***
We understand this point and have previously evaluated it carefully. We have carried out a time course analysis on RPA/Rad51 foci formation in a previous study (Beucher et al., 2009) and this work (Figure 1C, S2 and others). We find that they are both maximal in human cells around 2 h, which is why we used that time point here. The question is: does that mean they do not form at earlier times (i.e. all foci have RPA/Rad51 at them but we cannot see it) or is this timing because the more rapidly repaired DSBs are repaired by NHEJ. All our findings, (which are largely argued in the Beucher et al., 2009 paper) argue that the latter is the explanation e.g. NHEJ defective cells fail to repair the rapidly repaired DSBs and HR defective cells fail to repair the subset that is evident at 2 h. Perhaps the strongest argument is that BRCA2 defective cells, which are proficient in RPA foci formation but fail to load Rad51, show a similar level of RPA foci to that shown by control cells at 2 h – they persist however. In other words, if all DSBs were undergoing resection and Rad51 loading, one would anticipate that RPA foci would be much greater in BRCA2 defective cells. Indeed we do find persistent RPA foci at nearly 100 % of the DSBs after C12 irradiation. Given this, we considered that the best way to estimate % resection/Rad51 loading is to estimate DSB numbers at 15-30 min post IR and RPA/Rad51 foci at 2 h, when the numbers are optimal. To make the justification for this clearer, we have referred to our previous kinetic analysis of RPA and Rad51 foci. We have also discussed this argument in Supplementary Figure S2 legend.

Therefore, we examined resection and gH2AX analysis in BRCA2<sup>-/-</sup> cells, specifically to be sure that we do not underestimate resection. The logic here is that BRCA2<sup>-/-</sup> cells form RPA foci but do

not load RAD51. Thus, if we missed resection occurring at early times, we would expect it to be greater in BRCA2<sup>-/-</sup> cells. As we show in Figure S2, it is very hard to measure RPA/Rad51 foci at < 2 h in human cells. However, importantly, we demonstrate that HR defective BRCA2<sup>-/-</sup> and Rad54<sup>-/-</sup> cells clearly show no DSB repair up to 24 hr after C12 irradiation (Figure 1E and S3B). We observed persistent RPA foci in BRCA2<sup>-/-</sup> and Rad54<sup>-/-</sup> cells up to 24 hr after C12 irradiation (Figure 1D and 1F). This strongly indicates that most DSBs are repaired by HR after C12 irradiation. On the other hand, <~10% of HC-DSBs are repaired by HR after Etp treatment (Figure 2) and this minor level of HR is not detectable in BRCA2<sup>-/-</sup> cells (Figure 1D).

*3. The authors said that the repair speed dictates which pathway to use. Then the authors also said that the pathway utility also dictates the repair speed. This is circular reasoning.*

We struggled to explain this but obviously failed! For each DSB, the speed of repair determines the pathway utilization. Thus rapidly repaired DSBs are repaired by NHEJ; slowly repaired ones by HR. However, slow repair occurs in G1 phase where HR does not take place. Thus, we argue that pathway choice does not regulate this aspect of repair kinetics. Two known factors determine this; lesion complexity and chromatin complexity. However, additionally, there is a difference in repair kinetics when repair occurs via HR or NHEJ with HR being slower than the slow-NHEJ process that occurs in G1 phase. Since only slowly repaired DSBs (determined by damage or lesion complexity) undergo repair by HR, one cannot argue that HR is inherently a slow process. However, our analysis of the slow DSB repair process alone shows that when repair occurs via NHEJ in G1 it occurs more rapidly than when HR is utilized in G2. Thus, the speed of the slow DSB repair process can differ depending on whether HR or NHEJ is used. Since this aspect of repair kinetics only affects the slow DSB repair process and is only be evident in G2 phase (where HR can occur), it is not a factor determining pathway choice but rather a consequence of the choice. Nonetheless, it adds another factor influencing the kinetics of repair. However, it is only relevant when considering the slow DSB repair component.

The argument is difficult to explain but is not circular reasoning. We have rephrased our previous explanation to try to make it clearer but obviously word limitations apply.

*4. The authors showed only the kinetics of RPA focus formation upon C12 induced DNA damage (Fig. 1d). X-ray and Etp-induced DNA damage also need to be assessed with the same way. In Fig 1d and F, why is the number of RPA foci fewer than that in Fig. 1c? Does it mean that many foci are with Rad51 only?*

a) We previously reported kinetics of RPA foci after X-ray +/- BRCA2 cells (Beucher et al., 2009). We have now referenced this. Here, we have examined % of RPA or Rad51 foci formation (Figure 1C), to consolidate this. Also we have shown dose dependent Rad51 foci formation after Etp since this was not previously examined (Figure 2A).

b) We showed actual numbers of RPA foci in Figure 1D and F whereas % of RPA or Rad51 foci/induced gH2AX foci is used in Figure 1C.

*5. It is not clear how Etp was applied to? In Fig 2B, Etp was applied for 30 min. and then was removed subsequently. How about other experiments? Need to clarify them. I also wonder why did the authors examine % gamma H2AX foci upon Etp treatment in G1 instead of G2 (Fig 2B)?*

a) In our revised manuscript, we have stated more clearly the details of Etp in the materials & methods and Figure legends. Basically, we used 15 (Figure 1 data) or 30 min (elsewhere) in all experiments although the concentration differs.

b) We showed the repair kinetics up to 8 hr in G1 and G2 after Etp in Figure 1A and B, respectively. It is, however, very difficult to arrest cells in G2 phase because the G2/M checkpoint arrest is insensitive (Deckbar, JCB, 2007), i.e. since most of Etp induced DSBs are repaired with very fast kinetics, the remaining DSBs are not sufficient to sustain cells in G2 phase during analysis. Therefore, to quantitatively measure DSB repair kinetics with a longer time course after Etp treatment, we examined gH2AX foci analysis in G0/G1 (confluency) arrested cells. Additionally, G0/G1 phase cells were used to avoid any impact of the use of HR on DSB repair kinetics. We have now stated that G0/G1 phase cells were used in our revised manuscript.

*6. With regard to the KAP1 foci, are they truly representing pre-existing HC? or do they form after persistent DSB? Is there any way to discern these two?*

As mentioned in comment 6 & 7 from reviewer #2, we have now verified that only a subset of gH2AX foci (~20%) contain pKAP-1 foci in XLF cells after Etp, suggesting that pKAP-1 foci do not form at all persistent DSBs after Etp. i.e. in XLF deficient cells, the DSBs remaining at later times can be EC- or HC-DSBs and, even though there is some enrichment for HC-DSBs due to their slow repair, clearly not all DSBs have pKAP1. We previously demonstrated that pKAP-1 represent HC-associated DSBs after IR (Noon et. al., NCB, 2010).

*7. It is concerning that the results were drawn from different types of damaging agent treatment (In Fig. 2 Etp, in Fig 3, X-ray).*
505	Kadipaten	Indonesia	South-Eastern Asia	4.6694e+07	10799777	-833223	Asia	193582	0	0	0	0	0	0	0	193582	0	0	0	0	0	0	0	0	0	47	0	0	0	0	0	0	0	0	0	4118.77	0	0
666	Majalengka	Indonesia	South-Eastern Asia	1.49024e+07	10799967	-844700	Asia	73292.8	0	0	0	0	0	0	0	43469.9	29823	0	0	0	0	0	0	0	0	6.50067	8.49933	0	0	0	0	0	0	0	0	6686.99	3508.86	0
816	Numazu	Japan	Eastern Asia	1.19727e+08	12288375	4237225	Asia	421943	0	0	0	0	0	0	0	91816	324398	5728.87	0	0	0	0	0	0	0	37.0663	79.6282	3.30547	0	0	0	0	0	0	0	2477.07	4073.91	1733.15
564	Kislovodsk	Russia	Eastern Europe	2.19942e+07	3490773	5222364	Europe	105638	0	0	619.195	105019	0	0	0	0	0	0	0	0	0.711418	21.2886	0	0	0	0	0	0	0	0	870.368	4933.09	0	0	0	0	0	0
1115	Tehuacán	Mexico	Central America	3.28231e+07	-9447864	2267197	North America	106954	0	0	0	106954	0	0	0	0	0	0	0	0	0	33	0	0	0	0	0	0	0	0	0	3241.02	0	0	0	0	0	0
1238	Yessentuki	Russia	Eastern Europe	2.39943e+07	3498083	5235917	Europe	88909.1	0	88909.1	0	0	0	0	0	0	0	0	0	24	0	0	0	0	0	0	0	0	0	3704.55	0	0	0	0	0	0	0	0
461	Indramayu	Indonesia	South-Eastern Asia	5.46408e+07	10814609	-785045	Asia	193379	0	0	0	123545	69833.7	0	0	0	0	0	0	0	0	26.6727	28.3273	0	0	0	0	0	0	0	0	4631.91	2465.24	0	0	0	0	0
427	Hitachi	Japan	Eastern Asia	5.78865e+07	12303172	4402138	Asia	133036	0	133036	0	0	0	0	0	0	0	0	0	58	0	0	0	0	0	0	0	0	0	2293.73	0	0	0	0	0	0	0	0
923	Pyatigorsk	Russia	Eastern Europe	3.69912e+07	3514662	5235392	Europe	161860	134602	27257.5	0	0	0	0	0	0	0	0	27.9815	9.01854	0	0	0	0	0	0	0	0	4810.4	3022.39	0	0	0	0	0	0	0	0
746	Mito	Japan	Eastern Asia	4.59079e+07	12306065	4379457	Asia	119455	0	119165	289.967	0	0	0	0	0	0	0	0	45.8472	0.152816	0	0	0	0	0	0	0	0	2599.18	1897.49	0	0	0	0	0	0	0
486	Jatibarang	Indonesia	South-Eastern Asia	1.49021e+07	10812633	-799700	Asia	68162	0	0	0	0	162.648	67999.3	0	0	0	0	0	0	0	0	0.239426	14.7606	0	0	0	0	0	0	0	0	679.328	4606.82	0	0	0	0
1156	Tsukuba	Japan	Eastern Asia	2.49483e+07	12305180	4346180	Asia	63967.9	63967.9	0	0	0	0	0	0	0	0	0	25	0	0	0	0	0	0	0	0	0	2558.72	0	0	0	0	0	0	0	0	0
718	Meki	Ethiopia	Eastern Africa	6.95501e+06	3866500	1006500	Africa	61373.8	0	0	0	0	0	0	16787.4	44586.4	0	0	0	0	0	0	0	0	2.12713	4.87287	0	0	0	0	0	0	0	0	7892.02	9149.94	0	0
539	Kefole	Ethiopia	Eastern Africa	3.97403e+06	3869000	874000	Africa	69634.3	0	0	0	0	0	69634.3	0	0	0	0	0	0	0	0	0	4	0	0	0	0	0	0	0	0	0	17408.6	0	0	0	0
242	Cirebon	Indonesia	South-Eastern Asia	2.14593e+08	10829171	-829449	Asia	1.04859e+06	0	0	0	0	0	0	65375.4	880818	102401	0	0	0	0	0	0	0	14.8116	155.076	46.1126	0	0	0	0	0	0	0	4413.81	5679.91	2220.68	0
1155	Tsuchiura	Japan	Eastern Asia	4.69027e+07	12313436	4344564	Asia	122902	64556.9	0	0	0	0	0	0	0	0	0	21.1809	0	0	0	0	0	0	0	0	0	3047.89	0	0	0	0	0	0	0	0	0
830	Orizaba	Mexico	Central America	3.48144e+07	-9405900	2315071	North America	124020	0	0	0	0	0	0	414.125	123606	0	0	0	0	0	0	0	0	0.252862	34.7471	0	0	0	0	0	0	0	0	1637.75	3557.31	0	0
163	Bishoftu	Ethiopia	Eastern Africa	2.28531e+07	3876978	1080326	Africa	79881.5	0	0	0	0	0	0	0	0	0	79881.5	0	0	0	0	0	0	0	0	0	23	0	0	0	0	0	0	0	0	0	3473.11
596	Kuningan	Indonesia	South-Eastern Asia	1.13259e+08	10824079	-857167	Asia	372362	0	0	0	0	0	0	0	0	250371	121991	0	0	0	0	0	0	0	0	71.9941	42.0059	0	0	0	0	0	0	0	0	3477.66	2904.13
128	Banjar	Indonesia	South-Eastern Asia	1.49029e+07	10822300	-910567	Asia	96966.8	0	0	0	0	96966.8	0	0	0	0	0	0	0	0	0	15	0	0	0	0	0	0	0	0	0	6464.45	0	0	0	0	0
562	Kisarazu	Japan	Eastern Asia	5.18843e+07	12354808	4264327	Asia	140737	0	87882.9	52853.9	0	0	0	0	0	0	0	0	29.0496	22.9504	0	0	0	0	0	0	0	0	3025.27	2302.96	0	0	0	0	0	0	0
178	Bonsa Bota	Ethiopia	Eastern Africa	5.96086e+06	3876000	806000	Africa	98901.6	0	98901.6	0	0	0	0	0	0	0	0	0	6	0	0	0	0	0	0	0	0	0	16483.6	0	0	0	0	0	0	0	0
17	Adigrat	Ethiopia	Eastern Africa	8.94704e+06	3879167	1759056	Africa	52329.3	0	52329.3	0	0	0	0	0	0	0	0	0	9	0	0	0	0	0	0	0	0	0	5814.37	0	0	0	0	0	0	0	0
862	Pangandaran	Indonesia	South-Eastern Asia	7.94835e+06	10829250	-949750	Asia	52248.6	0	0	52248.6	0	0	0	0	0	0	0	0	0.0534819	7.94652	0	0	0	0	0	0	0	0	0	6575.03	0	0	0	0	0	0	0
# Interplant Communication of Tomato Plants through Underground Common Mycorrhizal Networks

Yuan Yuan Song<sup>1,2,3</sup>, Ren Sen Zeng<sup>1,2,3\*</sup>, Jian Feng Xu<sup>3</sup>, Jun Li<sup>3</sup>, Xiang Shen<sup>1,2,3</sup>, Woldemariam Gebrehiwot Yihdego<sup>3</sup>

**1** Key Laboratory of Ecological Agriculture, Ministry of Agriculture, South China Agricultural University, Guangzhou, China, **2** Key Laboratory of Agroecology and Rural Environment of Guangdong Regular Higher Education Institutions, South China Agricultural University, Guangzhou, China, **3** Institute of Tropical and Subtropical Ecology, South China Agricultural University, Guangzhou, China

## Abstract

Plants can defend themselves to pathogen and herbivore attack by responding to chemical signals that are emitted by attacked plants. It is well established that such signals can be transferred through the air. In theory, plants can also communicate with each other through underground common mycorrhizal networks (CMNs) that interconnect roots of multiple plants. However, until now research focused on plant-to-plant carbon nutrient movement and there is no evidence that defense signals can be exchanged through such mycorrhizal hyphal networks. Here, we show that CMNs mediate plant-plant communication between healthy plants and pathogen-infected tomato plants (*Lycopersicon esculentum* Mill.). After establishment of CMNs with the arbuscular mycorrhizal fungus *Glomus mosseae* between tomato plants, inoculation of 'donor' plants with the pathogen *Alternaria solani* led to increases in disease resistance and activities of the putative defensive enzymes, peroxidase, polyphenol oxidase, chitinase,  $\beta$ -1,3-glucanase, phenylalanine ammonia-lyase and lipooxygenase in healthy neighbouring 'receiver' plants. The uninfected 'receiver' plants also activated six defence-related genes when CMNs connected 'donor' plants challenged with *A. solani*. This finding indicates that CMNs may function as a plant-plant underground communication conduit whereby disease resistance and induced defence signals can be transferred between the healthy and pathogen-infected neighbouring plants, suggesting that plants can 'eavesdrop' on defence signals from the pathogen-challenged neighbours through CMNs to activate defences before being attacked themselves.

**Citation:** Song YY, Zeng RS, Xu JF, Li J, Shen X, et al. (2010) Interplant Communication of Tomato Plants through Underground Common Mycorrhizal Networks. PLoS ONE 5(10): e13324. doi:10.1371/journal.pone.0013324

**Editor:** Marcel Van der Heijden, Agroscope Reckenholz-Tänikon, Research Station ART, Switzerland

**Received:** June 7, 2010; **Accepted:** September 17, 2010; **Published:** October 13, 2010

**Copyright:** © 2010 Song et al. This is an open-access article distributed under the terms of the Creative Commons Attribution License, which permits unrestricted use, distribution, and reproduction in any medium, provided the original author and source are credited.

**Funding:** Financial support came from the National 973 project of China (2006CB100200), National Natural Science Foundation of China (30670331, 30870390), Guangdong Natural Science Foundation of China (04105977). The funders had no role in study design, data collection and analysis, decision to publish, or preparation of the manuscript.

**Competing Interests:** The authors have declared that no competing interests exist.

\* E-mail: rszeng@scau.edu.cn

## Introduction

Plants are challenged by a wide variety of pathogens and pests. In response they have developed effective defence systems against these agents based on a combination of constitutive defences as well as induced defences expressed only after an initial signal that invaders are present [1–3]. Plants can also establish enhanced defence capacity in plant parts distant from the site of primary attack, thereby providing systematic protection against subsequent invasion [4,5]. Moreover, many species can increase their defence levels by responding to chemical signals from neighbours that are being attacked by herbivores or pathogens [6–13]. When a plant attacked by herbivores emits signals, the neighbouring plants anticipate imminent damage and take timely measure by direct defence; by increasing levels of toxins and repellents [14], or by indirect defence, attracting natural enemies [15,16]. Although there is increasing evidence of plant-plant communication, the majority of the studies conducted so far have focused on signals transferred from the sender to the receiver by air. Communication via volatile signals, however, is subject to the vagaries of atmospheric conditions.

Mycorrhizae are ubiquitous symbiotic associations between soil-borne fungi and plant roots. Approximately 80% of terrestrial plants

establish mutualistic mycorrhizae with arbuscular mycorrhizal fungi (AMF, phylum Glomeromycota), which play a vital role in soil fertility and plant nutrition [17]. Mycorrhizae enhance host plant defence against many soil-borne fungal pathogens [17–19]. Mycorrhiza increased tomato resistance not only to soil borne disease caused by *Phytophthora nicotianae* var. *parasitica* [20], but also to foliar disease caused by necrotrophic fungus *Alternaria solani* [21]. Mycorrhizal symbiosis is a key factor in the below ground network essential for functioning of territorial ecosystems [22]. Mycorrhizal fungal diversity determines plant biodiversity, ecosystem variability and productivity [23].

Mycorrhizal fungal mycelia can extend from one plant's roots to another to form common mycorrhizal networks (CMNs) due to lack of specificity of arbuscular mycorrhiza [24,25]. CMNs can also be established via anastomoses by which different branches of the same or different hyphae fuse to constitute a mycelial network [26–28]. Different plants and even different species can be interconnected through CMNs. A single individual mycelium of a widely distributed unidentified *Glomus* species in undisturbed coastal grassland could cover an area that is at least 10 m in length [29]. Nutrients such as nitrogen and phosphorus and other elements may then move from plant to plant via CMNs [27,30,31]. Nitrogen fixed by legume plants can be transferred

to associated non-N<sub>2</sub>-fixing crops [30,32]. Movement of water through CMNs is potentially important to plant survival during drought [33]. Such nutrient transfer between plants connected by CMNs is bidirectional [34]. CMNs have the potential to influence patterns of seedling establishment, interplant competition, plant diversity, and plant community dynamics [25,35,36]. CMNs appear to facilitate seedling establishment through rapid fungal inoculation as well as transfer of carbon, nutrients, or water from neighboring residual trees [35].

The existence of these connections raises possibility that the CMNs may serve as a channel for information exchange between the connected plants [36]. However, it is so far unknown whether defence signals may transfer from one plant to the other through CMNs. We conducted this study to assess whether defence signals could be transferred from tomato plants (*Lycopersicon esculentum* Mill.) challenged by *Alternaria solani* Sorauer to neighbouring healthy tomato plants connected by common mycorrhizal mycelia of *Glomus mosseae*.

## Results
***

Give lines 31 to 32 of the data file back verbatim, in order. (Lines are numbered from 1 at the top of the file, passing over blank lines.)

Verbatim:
1155	Tsuchiura	Japan	Eastern Asia	4.69027e+07	12313436	4344564	Asia	122902	64556.9	0	0	0	0	0	0	0	0	0	21.1809	0	0	0	0	0	0	0	0	0	3047.89	0	0	0	0	0	0	0	0	0
830	Orizaba	Mexico	Central America	3.48144e+07	-9405900	2315071	North America	124020	0	0	0	0	0	0	414.125	123606	0	0	0	0	0	0	0	0	0.252862	34.7471	0	0	0	0	0	0	0	0	1637.75	3557.31	0	0